MadCap Flare user groups bring together local technical writers, and other Flare users, through their shared interest in using Flare. In our new spotlight featuring Flare User Groups from around the world, Amy Kearns and Liv Wessel share their experiences as organizers of the Cincinnati Flare user group. Liv, Documentation Manager at Upland Software, started the Cincinnati MadCap Flare User Group and is a co-organizer along with Amy, Technical Writing Manager at Perforce Software.
In August, the Cincinnati MadCap Flare User Group decided to shake things up with a virtual meeting open to the public. Our meeting featured Paul Stoecklein, MadCap Software’s Director of Documentation, who covered best practices for planning and implementing a micro content strategy within your documentation. The meeting concluded with a lively Q&A session where participants had a chance to dig deeper and ask Paul specific questions. It was a successful meeting with a lot of interaction between Flare users from different areas throughout the US and Canada.
Virtual meetings are a great alternative when in-person meetings are impossible, but they need to be interesting, promoted, well-planned, and engaging. We want to share our learnings to help encourage other groups to host their own virtual meetings.
We’ve all had a chance to get more comfortable with virtual meetings over the past few months. While some people prefer meeting face-to-face, virtual meetings give us a safe way to keep in contact during COVID-19 times. Virtual user group meetings are a good, easy alternative to in-person meetings. Besides eliminating safety issues, virtual meetings provide an opportunity for more people to participate and contribute, often leading to livelier, more in-depth conversations. You may be able to draw in members who can’t attend in-person meetings because of travel times or work schedules. Another advantage is that you can record virtual meetings to share them with others who are unable to attend. This gives members a chance to stay in the loop with your user group when they have a conflict and can’t attend a meeting.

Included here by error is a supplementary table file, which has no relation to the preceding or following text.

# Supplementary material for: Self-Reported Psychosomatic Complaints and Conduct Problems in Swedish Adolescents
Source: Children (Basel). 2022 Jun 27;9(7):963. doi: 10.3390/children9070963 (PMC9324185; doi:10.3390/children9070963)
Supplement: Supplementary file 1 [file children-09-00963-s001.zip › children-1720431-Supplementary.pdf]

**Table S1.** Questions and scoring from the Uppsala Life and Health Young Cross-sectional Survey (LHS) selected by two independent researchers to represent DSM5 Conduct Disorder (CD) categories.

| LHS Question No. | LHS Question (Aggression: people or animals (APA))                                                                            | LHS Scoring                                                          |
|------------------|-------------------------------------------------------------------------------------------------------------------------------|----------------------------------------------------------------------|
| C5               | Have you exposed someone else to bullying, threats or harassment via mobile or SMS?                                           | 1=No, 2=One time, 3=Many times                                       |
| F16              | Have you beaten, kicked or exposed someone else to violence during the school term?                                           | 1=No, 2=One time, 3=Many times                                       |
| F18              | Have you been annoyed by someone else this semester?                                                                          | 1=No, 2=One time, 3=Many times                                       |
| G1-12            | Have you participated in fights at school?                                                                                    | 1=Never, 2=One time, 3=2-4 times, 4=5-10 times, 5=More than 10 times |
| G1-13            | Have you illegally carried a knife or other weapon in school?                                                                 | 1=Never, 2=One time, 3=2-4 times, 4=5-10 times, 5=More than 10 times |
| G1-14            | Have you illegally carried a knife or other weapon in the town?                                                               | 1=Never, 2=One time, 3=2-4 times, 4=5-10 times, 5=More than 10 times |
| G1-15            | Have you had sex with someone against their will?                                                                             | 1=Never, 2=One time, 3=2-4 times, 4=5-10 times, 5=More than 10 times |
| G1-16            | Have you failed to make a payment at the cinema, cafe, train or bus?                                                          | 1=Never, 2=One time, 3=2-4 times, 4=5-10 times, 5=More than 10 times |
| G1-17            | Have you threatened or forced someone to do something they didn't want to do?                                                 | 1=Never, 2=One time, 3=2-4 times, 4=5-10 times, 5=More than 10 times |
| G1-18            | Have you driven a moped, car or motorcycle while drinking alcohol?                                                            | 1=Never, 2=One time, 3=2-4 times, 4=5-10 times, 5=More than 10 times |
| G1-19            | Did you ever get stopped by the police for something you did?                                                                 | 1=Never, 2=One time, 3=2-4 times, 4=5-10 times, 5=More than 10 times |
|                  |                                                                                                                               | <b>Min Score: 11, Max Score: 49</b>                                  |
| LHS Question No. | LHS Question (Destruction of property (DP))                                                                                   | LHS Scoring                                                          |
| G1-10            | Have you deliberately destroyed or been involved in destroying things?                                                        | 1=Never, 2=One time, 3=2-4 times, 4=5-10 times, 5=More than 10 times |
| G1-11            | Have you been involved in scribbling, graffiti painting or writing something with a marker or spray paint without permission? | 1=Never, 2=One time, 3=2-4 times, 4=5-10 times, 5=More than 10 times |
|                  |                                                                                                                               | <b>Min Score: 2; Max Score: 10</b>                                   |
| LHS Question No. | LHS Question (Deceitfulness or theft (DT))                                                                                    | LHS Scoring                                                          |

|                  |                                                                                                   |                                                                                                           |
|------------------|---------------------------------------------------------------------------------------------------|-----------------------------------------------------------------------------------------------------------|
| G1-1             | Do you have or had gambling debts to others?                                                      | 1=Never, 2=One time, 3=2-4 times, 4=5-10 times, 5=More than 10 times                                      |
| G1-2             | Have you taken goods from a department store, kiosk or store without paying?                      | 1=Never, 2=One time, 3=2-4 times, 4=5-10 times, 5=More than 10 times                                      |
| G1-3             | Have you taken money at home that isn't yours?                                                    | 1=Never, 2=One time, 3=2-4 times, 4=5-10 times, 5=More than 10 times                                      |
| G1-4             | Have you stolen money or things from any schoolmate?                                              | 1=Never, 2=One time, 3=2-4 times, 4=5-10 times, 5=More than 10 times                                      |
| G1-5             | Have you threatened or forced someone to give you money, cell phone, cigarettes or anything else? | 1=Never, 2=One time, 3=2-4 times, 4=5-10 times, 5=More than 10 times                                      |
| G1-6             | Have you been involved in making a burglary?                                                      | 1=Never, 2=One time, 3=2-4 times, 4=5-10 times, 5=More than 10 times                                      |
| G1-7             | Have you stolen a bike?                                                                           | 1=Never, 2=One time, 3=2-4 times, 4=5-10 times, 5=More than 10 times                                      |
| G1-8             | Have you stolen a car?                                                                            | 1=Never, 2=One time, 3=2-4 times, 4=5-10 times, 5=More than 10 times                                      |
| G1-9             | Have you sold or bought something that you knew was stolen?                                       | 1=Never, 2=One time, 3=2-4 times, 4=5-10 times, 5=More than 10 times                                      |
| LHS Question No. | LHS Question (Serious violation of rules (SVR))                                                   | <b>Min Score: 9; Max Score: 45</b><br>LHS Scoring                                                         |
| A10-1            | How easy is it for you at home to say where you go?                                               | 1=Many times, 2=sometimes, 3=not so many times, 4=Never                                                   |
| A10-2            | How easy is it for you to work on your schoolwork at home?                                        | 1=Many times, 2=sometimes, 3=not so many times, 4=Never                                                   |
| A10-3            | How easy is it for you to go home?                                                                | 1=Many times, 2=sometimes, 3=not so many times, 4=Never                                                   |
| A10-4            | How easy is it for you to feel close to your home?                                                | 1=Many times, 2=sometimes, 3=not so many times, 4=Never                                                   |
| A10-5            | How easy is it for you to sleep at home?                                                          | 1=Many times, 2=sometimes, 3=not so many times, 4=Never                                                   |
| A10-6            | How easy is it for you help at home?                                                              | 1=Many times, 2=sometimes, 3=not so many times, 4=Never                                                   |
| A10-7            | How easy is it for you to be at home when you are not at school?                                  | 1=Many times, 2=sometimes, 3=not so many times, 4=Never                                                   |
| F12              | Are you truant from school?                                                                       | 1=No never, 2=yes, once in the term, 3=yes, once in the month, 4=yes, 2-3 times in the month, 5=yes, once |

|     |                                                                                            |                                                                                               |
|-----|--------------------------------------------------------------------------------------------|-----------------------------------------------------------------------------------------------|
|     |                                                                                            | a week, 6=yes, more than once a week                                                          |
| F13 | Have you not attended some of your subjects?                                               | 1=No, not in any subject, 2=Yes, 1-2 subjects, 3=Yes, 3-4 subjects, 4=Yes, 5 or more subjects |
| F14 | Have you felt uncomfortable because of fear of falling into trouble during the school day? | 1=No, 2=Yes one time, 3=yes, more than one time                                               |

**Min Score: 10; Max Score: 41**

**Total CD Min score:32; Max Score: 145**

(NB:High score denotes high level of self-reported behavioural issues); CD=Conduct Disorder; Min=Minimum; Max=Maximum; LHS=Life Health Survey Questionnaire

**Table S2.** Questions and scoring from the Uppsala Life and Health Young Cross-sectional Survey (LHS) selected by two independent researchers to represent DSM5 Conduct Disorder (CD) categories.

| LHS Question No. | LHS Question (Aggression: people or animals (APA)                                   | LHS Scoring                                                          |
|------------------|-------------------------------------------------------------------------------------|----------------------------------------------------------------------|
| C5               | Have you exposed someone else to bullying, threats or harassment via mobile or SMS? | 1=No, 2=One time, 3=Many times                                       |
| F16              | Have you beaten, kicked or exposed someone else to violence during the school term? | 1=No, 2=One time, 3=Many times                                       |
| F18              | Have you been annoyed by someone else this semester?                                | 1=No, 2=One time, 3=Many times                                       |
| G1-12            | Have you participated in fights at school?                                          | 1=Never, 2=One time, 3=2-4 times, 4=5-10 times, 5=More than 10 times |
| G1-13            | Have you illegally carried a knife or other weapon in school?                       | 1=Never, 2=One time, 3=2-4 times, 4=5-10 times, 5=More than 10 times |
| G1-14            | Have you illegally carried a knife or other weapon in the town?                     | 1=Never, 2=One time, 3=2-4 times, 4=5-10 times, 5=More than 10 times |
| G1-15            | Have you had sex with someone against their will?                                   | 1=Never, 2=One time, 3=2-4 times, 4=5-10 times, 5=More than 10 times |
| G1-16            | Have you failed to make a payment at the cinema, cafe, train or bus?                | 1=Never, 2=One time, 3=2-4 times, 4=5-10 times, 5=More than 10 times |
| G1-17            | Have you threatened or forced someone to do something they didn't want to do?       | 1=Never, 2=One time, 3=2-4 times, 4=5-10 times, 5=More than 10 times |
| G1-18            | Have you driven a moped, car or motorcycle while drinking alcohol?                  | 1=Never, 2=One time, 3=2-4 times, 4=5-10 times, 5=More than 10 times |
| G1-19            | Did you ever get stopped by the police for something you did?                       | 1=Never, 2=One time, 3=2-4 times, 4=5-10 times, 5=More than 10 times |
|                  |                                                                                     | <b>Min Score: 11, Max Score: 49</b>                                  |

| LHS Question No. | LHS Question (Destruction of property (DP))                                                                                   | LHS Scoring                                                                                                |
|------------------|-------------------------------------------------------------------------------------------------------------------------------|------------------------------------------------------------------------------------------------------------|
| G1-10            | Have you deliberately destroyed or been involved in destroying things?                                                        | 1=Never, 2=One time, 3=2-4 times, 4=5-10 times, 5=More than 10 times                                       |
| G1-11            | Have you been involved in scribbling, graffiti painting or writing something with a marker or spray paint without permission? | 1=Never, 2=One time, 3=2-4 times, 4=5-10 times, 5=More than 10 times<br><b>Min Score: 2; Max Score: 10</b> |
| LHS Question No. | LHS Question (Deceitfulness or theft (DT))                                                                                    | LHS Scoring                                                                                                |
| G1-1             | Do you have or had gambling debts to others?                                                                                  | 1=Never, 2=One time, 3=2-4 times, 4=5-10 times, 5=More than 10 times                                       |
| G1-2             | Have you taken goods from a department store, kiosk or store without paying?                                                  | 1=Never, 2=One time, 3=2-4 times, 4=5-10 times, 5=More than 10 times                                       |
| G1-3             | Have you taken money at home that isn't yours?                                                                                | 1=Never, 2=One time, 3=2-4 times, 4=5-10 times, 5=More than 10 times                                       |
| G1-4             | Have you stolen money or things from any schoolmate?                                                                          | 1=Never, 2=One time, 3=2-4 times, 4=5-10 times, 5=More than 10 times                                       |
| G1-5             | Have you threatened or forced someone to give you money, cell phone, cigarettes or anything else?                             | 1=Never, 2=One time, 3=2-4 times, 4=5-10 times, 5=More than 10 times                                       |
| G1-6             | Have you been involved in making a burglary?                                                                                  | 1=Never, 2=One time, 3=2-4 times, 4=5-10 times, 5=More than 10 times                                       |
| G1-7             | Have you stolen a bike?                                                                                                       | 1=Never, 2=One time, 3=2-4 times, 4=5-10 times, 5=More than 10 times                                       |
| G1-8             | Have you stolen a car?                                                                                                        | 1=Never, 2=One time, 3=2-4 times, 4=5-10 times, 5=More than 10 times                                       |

Make It Interesting
There are a lot of virtual events happening right now, so why should people attend yours? Because you’re going to give them something valuable and interesting. We chose to focus on micro content because we know people are curious about it.
When brainstorming topics, consider:
- discussing new features in Flare or other MadCap Software products.
- holding roundtables on documentation best practices—what seems obvious to one person could be a revelation to another.
- asking members to share things they’ve learned. Send an email to your group to ask others to share their expertise with their peers.
- inviting a speaker. There are a lot of interesting people out there that are happy to share their knowledge with your group. It never hurts to ask.
- treating it like a book club. Share a blog post or podcast beforehand and discuss it during the meeting.
Once you have a topic, create an agenda for the meeting. While you shouldn’t be rigid, having an agenda can guide you through the meeting and keep it focused. It’s easier for people to zone out during virtual meetings, so keep presentations to a minimum and encourage discussion. Consider leaving time for questions at the end of the meeting. Think of good questions beforehand to get the conversation started. This gives people time to come up with their own or start the discussion in case participants are quiet.
Spreading the Word Online